Writing for the Huffington Post, columnist Nick Visser tore into Senate Minority Leader Mitch McConnell (R-KY) for a Washington Post op-ed attacking Democrats for purportedly undermining "judicial independence" — driven specifically by the push by liberal activists to rebalance courts by adding additional seats or changing the life tenure process.
"'Judicial independence is as fragile as it is important. The Framers of our Constitution took great pains to protect it,' the senator wrote, demanding that Democrats 'leave the Supreme Court alone.' 'Every single American deserves every possible guarantee that they will receive impartial justice. It would be beyond reckless for Democrats to smash this centuries-old safeguard in a fit of partisan pique.'"
"The piece left out any mention of McConnell's own dramatic and unprecedented efforts to reshape not just the Supreme Court but the nation's entire judiciary to lean more conservative," noted Visser. "As Senate majority leader, the Republican broke precedent and refused to hold hearings on Merrick Garland, nominated by President Barack Obama in March 2016, pointing to a 'principle' about Supreme Court vacancies in an election year. He broke that so-called principle last year following the death of Justice Ruth Bader Ginsburg on Sept. 18, 2020, and rushed to confirm Amy Coney Barrett at a breakneck pace. He called that moment a 'capstone' in his years-long effort under Donald Trump to confirm 220 federal judges, effectively pulling the nation's judiciary further to the right."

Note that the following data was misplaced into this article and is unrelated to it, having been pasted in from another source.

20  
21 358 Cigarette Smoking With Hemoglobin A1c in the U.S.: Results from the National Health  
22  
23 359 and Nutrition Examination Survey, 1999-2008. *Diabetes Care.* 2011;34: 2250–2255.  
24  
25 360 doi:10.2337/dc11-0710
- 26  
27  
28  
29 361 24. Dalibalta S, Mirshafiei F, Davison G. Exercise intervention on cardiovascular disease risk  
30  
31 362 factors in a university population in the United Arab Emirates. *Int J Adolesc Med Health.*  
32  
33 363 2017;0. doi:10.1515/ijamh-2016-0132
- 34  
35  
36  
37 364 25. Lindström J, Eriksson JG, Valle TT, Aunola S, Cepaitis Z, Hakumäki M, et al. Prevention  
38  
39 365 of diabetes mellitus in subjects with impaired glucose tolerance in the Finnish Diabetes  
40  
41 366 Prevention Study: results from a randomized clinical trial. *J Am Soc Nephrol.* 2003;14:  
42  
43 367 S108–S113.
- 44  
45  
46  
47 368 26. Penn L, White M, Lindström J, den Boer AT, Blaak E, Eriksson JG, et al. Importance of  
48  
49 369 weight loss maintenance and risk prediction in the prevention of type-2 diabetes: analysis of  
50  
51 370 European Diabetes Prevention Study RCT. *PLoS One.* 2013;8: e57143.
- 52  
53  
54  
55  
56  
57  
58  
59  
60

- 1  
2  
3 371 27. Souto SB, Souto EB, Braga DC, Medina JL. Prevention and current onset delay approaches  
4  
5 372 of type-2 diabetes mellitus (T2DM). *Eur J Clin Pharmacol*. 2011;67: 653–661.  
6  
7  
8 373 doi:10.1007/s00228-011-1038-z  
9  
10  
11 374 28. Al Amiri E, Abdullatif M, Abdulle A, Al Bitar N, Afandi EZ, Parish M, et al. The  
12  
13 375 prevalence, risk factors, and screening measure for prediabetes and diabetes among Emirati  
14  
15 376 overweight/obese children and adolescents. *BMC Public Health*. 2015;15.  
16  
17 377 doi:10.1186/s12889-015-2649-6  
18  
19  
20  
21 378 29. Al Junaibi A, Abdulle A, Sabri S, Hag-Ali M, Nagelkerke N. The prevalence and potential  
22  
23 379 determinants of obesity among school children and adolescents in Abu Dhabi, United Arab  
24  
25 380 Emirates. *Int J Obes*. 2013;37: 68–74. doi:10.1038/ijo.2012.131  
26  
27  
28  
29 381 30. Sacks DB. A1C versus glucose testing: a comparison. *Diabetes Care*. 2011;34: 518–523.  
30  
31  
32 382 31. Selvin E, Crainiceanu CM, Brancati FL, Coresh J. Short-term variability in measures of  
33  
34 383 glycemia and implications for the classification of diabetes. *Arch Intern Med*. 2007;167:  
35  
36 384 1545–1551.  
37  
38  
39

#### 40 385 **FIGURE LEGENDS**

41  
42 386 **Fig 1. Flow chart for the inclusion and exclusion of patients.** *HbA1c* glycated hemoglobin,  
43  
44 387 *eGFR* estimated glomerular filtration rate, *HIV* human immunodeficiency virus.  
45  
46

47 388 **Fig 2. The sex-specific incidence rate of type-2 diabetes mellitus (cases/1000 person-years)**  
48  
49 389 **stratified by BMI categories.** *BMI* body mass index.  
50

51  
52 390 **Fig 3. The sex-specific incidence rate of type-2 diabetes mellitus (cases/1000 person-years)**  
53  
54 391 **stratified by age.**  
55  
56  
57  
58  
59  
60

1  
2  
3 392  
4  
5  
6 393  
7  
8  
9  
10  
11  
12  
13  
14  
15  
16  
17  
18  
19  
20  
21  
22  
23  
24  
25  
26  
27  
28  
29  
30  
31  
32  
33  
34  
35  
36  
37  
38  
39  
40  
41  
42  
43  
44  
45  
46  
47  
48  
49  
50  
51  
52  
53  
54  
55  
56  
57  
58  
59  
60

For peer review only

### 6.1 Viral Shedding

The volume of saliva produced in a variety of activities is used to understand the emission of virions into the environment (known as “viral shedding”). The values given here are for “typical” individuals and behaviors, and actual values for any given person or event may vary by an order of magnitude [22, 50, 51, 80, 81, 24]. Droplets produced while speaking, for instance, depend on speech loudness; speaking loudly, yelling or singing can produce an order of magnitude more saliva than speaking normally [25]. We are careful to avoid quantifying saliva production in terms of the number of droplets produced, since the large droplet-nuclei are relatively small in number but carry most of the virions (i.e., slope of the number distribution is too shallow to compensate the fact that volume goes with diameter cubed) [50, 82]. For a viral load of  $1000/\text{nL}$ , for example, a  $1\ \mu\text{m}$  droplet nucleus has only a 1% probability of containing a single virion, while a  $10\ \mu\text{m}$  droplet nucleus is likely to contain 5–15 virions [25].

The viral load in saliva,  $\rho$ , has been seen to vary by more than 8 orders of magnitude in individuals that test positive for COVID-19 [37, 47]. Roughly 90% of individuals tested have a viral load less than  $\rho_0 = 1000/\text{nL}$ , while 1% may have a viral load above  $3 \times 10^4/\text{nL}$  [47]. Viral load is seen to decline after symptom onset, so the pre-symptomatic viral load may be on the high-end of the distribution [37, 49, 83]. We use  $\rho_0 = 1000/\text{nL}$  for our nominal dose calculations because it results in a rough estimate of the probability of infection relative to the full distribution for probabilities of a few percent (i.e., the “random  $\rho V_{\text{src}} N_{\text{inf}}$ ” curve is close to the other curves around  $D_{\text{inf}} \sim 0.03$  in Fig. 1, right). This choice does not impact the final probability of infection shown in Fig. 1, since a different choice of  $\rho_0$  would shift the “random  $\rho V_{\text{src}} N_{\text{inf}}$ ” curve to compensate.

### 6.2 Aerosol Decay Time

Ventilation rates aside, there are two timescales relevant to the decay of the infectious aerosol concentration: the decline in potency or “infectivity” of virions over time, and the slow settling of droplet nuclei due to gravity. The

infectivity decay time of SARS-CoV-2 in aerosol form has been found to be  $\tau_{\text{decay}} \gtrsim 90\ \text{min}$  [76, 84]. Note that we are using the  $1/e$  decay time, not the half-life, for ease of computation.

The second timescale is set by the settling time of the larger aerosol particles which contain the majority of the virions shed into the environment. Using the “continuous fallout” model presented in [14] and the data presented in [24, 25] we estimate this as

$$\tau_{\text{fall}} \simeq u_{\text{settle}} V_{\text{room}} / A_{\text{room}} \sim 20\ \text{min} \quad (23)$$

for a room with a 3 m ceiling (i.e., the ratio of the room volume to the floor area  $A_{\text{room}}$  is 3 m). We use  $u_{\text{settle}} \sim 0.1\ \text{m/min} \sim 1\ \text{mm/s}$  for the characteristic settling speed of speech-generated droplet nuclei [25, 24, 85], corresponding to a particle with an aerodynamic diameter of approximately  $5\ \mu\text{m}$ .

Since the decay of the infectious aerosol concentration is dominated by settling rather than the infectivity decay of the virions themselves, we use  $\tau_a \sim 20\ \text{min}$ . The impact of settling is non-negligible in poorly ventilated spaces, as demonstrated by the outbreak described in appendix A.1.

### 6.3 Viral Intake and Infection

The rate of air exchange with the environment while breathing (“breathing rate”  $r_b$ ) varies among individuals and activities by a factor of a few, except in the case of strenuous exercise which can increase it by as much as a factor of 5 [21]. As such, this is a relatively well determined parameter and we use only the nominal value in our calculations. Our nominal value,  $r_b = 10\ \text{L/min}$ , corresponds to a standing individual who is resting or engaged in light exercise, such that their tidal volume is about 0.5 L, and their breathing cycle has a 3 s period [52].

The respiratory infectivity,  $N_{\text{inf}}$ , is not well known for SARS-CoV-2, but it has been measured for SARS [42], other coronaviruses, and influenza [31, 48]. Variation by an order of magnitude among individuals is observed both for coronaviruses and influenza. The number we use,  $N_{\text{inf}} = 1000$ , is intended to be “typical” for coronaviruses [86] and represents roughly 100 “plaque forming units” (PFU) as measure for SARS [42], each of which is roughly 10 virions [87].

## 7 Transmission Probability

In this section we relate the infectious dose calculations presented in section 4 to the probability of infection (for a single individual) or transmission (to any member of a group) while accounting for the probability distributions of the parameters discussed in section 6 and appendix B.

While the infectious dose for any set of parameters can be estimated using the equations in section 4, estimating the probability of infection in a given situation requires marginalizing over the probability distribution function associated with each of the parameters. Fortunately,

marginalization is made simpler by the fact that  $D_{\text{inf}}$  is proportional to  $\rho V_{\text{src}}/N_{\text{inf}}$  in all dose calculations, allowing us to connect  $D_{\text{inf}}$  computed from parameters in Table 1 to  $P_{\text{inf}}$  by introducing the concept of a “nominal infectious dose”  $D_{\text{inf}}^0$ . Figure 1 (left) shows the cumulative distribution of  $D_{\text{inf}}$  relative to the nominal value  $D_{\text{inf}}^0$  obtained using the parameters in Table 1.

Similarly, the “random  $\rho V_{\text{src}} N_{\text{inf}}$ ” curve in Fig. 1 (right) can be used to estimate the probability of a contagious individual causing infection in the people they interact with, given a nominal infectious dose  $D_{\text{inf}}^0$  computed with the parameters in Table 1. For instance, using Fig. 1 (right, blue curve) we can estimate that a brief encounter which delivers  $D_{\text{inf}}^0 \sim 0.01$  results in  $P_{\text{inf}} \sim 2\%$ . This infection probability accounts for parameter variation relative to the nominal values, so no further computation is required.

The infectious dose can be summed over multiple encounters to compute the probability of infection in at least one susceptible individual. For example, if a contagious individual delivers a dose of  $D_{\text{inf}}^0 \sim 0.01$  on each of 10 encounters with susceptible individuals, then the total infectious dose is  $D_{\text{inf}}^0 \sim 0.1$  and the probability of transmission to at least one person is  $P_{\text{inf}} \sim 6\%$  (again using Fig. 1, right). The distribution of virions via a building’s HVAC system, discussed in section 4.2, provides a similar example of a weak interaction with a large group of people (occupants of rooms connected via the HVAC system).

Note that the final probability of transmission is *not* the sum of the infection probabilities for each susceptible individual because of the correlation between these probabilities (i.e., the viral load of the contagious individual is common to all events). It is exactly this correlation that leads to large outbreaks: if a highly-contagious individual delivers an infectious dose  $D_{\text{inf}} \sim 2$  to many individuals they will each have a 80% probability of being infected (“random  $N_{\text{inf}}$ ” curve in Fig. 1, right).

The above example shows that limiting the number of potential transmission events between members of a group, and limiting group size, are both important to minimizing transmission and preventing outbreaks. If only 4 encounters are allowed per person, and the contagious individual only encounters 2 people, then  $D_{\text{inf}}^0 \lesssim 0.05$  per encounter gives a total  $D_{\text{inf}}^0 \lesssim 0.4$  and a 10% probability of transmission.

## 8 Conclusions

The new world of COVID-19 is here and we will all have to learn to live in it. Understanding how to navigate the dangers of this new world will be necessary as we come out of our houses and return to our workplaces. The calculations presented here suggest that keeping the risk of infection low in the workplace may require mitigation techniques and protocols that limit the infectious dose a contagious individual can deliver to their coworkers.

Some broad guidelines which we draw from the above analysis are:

Since winning unified control of Congress and the White House, while Democrats as a whole have not endorsed significant structural changes to the federal courts, they have worked at a furious pace to build up a bench of their own judges, nominating a professionally diverse team of civil rights lawyers and public defenders to benches all over the country.
"McConnell and other Republicans, now out of power, have latched on to the Democratic proposals coming from the party's progressive flank but have regularly refused to link those frustrations to the GOP's own politicking," noted Vissar. "There was, in fact, outrage last year during Barrett's confirmation, but McConnell didn't heed it."
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